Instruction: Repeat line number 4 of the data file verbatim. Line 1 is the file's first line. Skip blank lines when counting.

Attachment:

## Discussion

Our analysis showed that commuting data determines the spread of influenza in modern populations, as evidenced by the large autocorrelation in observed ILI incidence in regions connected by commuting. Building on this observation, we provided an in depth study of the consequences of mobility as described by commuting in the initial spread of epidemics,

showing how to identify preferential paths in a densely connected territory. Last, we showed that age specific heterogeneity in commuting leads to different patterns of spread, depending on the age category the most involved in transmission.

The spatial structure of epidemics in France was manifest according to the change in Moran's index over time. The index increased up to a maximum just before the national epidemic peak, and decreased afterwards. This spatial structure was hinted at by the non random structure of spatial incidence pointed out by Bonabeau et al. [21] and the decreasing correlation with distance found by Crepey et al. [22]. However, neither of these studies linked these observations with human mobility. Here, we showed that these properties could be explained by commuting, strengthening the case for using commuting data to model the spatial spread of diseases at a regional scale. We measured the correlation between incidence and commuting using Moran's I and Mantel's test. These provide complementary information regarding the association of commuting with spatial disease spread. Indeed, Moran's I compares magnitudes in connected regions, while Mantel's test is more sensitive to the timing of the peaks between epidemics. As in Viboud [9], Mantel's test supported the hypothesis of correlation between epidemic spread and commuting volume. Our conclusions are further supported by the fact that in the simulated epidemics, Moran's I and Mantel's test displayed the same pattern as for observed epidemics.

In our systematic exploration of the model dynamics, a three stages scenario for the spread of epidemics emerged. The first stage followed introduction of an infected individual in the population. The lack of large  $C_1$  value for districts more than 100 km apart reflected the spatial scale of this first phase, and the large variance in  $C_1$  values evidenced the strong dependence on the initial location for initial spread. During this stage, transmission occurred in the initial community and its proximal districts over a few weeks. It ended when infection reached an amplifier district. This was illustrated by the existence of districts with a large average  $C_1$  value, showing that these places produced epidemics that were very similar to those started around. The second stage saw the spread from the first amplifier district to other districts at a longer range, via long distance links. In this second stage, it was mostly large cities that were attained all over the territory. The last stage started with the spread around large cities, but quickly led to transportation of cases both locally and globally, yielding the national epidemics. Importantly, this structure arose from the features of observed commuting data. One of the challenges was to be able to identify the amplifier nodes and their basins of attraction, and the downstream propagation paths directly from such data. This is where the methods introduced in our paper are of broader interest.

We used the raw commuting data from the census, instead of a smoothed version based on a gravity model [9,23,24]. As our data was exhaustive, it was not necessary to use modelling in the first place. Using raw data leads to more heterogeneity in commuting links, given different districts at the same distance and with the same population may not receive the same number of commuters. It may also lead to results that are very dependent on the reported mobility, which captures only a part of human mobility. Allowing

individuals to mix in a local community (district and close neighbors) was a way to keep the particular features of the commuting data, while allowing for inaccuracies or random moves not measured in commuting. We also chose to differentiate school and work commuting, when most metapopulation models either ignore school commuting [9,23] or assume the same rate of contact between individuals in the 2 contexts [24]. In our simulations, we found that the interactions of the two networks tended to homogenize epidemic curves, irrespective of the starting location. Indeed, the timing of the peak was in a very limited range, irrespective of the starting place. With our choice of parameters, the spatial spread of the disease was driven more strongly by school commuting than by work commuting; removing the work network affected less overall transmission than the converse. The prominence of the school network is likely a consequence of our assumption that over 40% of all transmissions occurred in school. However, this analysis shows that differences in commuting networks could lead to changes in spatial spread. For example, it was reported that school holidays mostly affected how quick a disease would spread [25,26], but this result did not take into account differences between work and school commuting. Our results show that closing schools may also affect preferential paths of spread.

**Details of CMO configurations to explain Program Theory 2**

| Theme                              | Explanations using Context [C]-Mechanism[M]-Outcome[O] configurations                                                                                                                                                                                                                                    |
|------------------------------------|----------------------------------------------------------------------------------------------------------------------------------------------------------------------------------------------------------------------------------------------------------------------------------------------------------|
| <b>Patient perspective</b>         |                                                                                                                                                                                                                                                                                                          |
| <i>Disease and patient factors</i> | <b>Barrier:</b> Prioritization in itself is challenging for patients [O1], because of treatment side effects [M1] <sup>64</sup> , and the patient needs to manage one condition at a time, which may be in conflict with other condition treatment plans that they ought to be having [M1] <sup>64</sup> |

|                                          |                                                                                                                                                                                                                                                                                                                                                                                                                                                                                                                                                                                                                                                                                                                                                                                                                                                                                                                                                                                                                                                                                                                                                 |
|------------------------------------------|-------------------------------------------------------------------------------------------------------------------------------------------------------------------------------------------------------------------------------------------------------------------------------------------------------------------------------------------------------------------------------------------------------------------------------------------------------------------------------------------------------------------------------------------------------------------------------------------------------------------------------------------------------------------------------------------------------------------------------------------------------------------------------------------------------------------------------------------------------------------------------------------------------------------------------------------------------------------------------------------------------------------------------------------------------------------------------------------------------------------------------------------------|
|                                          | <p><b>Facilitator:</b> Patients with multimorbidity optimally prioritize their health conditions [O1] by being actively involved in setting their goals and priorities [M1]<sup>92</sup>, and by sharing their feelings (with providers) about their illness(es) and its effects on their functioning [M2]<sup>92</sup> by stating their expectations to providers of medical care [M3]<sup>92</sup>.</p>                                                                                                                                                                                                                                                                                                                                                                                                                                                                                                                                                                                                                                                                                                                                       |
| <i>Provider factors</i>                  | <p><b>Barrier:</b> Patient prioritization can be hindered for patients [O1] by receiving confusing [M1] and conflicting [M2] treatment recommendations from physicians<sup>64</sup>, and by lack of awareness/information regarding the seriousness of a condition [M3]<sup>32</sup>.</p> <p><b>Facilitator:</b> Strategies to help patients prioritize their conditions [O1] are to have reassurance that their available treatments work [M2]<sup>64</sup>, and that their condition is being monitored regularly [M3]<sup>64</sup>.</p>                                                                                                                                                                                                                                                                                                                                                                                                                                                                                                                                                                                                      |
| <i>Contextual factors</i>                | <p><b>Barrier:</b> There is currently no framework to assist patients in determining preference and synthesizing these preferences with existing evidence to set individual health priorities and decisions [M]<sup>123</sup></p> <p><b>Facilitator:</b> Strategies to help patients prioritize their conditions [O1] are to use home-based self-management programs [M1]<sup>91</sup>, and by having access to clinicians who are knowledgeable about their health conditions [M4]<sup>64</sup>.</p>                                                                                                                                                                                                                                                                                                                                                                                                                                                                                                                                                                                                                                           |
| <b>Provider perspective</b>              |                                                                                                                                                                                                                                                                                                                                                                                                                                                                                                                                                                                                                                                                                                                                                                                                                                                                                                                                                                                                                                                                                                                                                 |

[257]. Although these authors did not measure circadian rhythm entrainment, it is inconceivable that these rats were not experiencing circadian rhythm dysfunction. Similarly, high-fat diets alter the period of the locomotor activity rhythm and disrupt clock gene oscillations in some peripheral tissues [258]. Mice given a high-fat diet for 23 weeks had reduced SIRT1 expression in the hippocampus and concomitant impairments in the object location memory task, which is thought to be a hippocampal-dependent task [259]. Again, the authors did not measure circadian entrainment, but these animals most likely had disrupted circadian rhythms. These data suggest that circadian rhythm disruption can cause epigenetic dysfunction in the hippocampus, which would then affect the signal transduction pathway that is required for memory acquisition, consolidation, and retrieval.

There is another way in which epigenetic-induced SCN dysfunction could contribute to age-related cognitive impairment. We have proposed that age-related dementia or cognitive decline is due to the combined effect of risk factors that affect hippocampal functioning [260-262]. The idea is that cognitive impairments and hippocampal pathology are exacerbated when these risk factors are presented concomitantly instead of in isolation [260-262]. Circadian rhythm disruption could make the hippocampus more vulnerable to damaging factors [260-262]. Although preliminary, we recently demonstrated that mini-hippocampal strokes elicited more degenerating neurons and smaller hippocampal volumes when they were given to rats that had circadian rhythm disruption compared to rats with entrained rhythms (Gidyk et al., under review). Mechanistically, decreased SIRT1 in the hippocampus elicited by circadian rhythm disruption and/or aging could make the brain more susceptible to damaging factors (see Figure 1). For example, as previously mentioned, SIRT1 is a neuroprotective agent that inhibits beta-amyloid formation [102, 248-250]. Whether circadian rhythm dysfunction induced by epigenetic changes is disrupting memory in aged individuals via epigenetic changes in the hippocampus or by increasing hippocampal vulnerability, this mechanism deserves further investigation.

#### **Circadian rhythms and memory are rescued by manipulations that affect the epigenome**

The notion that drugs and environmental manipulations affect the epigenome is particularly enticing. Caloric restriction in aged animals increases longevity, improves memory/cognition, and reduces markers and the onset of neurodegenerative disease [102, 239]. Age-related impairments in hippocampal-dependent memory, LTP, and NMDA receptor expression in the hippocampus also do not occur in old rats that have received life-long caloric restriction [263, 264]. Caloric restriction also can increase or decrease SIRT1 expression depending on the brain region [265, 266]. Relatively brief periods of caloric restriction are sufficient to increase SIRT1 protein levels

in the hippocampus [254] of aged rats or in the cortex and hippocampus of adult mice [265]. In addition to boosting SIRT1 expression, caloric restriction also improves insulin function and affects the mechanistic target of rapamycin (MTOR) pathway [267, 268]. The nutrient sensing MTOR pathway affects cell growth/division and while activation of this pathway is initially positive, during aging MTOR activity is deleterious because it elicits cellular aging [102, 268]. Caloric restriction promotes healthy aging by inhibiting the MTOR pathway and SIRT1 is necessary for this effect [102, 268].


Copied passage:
The spatial structure of epidemics in France was manifest according to the change in Moran's index over time. The index increased up to a maximum just before the national epidemic peak, and decreased afterwards. This spatial structure was hinted at by the non random structure of spatial incidence pointed out by Bonabeau et al. [21] and the decreasing correlation with distance found by Crepey et al. [22]. However, neither of these studies linked these observations with human mobility. Here, we showed that these properties could be explained by commuting, strengthening the case for using commuting data to model the spatial spread of diseases at a regional scale. We measured the correlation between incidence and commuting using Moran's I and Mantel's test. These provide complementary information regarding the association of commuting with spatial disease spread. Indeed, Moran's I compares magnitudes in connected regions, while Mantel's test is more sensitive to the timing of the peaks between epidemics. As in Viboud [9], Mantel's test supported the hypothesis of correlation between epidemic spread and commuting volume. Our conclusions are further supported by the fact that in the simulated epidemics, Moran's I and Mantel's test displayed the same pattern as for observed epidemics.